Rice University Students to President David Leebron and Board of Trustees: Not In Our Name

Students for HCEDD
Jan 20 · 7 min read
Resident voices their dreams and concerns at Houston Coalition for Equitable Development without Displacement’s January 14, 2020 meeting.

Dear President Leebron and the Rice University Board of Trustees,

Today, we come together to remember the legacy of Dr. Martin Luther King Jr., who reminded us that “the function of education is to teach one to think intensively and to think critically. Intelligence plus character — that is the goal of true education.” Right now, the Rice Board of Trustees and Rice Management Company (RMC) have a crucial opportunity to demonstrate their commitment to the Rice character traits of Responsibility, Integrity, Community, and Excellence by leading the City of Houston in establishing responsible, meaningful, and sustainable relationships between real estate developers and neighboring communities.

At the beginning of this academic year, President Leebron wrote that “we cannot build [the Rice] community by ignoring issues that ought to concern us either here at Rice or outside our campus.” Three months later, the Task Force on Slavery, Segregation, and Racial Injustice was established and charged with identifying suggestions for the future of not only the Rice community, but also Rice’s “relationship with our home community of Houston,” suggestions “that will more fully realize our aspirations for a more diverse and inclusive university.” We call on all of Rice to apply both the intention and values of the task force in acknowledging, responding to, and engaging with the historic Black community of Third Ward as Rice Management Company develops the South Main Innovation District at the edge of their neighborhood.

Through the exemplary coursework, research, and civic engagement opportunities offered at Rice, students learn to think deeply and critically about the social, political, and economic manifestations of racism and anti-Blackness embedded in our cities. We learn how slavery, redlining, criminalization, and the severing of neighborhoods by highways have created conditions seen in Third Ward where, as the Baker Institute for Public Policy explains in the Third Ward Comprehensive Needs Assessment Data Report, residents are increasingly threatened by displacement and cultural erasure due to rising rental rates and costs of living driven by new real estate developments. Furthermore, some of us students are lifelong members of the Third Ward community who have shared our concerns about the social impact of the innovation district with our peers. In the 2019 Survey of all Undergraduate Rice students, long before the formation of the Houston Coalition for Equitable Development without Displacement, hundreds of students elaborated on their concern that the innovation district might exacerbate the displacement of the low-income communities in the area.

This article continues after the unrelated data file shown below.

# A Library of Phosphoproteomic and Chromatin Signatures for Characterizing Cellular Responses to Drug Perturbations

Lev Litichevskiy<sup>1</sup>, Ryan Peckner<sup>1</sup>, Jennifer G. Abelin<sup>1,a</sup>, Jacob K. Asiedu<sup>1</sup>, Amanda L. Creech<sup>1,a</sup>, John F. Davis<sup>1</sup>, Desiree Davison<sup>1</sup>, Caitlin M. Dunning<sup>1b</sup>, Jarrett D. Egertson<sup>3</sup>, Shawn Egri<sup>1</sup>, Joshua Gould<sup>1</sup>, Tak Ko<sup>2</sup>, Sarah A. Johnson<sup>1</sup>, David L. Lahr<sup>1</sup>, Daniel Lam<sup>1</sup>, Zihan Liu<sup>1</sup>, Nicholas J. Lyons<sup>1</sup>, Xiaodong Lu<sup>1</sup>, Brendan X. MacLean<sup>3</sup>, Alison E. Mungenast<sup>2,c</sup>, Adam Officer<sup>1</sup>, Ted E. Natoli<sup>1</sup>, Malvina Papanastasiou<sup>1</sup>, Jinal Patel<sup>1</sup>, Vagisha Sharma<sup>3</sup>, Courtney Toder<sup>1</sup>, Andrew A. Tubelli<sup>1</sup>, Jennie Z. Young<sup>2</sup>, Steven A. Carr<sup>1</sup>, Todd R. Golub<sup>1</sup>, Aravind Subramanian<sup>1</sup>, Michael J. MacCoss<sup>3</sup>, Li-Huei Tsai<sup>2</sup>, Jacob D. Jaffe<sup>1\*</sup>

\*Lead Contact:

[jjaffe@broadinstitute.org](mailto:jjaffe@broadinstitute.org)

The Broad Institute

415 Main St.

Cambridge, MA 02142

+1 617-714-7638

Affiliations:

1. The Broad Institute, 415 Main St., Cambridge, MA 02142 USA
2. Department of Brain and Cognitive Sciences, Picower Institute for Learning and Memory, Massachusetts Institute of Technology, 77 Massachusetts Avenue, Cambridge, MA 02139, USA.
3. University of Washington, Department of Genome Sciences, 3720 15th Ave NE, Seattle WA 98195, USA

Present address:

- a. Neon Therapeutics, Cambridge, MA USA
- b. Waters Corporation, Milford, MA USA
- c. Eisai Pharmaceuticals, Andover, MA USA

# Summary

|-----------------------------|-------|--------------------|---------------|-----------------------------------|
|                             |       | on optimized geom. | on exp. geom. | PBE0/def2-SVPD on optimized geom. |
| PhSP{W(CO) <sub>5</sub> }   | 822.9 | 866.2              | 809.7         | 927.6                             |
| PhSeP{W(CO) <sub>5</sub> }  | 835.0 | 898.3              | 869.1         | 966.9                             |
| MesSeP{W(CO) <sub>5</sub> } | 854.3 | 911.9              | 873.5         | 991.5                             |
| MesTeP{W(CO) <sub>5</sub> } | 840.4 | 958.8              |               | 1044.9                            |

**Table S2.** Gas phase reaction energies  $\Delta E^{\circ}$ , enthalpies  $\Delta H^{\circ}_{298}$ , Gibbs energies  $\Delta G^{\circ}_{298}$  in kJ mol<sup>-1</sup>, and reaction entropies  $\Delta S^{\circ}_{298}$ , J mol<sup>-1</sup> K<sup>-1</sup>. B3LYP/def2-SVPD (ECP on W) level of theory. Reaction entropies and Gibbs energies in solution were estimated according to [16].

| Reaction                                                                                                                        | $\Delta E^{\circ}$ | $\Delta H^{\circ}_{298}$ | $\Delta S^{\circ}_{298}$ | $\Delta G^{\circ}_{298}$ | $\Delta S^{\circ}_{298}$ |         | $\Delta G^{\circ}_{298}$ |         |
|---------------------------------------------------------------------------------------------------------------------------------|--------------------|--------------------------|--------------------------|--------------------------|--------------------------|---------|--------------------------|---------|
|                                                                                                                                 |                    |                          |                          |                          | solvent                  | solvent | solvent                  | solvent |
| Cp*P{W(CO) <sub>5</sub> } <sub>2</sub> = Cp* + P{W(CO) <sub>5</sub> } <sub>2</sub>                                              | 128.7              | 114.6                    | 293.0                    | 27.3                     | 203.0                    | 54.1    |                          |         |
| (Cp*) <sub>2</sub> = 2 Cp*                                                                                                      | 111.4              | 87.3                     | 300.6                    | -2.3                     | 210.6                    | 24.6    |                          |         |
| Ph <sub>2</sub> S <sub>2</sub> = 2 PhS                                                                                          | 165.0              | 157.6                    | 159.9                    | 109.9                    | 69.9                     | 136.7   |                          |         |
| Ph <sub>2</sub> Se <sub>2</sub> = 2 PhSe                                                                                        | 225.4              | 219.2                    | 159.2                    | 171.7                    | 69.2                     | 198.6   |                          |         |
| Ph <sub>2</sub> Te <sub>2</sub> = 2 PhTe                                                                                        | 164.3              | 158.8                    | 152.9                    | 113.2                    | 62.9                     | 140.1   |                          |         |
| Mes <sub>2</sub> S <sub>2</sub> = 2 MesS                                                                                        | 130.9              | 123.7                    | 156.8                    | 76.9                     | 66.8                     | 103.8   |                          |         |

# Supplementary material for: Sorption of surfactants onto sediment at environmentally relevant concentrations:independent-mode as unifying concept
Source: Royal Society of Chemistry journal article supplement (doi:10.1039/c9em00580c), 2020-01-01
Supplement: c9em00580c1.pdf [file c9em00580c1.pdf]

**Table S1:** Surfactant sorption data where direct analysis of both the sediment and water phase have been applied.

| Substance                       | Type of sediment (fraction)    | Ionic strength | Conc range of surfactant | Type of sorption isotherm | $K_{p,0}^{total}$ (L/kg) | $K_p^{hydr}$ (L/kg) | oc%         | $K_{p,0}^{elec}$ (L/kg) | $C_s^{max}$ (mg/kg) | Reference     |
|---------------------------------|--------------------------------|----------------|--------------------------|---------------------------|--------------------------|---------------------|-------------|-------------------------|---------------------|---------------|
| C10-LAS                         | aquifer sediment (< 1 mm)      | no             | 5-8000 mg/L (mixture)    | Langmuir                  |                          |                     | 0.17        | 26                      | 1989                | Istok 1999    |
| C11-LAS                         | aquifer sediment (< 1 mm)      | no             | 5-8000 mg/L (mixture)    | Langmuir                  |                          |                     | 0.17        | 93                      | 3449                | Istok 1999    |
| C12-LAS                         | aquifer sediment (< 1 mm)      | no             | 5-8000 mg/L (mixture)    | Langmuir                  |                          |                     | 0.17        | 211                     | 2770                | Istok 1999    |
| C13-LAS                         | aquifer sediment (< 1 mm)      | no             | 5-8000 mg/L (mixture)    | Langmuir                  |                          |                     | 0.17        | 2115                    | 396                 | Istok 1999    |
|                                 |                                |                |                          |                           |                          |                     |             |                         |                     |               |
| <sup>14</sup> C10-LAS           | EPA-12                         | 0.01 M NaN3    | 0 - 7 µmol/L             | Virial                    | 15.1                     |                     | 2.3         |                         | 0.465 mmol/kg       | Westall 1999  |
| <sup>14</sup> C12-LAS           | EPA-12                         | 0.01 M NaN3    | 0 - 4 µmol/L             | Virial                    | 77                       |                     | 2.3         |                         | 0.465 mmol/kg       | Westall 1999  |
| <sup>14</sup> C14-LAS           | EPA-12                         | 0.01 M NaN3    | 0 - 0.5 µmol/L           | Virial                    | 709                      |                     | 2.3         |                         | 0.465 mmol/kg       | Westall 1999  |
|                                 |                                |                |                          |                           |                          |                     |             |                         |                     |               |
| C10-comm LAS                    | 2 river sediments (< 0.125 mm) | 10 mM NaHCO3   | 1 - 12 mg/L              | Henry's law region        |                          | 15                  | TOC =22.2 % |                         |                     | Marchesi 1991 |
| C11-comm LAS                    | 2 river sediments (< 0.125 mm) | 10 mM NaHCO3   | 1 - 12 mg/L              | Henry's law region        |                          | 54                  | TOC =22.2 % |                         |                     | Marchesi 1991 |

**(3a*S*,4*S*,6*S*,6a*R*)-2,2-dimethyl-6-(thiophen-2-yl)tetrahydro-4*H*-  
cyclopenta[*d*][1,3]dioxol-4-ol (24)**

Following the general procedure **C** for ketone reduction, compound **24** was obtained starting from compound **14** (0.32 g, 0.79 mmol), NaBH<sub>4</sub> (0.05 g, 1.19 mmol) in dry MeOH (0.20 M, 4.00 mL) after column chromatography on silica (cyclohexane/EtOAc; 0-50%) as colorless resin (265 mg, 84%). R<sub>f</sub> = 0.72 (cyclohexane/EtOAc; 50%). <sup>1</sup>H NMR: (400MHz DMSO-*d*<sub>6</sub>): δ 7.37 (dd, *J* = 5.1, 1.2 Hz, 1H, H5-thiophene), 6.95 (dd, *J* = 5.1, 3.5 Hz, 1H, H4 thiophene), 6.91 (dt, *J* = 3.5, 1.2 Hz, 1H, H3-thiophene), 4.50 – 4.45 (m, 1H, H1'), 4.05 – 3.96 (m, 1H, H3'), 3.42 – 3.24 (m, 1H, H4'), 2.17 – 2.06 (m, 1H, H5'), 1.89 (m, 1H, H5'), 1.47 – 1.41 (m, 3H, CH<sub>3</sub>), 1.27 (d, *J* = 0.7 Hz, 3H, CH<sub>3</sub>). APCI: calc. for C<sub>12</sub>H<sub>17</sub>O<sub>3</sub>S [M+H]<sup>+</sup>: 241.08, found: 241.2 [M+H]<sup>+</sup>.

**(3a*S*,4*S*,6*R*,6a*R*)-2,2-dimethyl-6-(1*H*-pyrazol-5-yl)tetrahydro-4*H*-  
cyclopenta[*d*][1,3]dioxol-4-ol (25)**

Rice students with disabilities have also shared with their peers the importance of making accessibility a core facet of the innovation district. A considerable number of Rice students with disabilities face the challenges of navigating significant and systemic infrastructural accessibility issues on campus, even three decades after the passage of the Americans with Disabilities Act. The innovation district can and must become a space that welcomes both Rice community members and Houstonians with any and all forms of disability and impairment. Additionally, disability studies and medical humanities scholars at Rice have taught us to consider how the social factors of race, disability, and illness compound and intersect. About 20% of respondents to the Third Ward Comprehensive Needs Assessment reported receiving Social Security Disability Income, and among respondents who reported being unable to work, health problems were by far the most commonly cited reason. The innovation district is a new opportunity to demonstrate Rice’s commitment to diversity and inclusion by not only adhering to all manners of accessibility laws and requirements, but also by implementing accessibility in every aspect of the innovation district infrastructure, programming, and hiring.

Every day, we learn from our professors and academic leaders how to boldly respond to injustices and challenges with critical thinking, innovative collaboration, and careful problem solving. That is why students have deeply engaged with and enthusiastically supported the Houston Coalition for Equitable Development without Displacement (HCEDD) in their goal to develop, secure, enforce, and sustain a Community Benefits Agreement (CBA) with Rice Management Company as they develop the innovation district at the edge of Third Ward.

CBAs benefit both developers and the communities their projects may impact. For developers, CBAs reduce financial risk by uniting community groups behind a project, streamlining project approval processes, and increasing the reliability of local subsidies. This reduces uncertainty, allowing developers to avoid costly time extensions to approval processes and convince creditors of a more reliable income stream, reducing interest rates. Additionally, CBAs ensure that project stages are approved by the community, which saves developers litigation costs from lawsuits incited by dissatisfied community members. For months, community members have poured their energy into developing their unified vision for a CBA that reflects the needs documented in Mayor Turner’s Third Ward Complete Communities Action Plan, the Third Ward Comprehensive Needs Assessment, and the unique and exciting opportunities that the innovation district promises.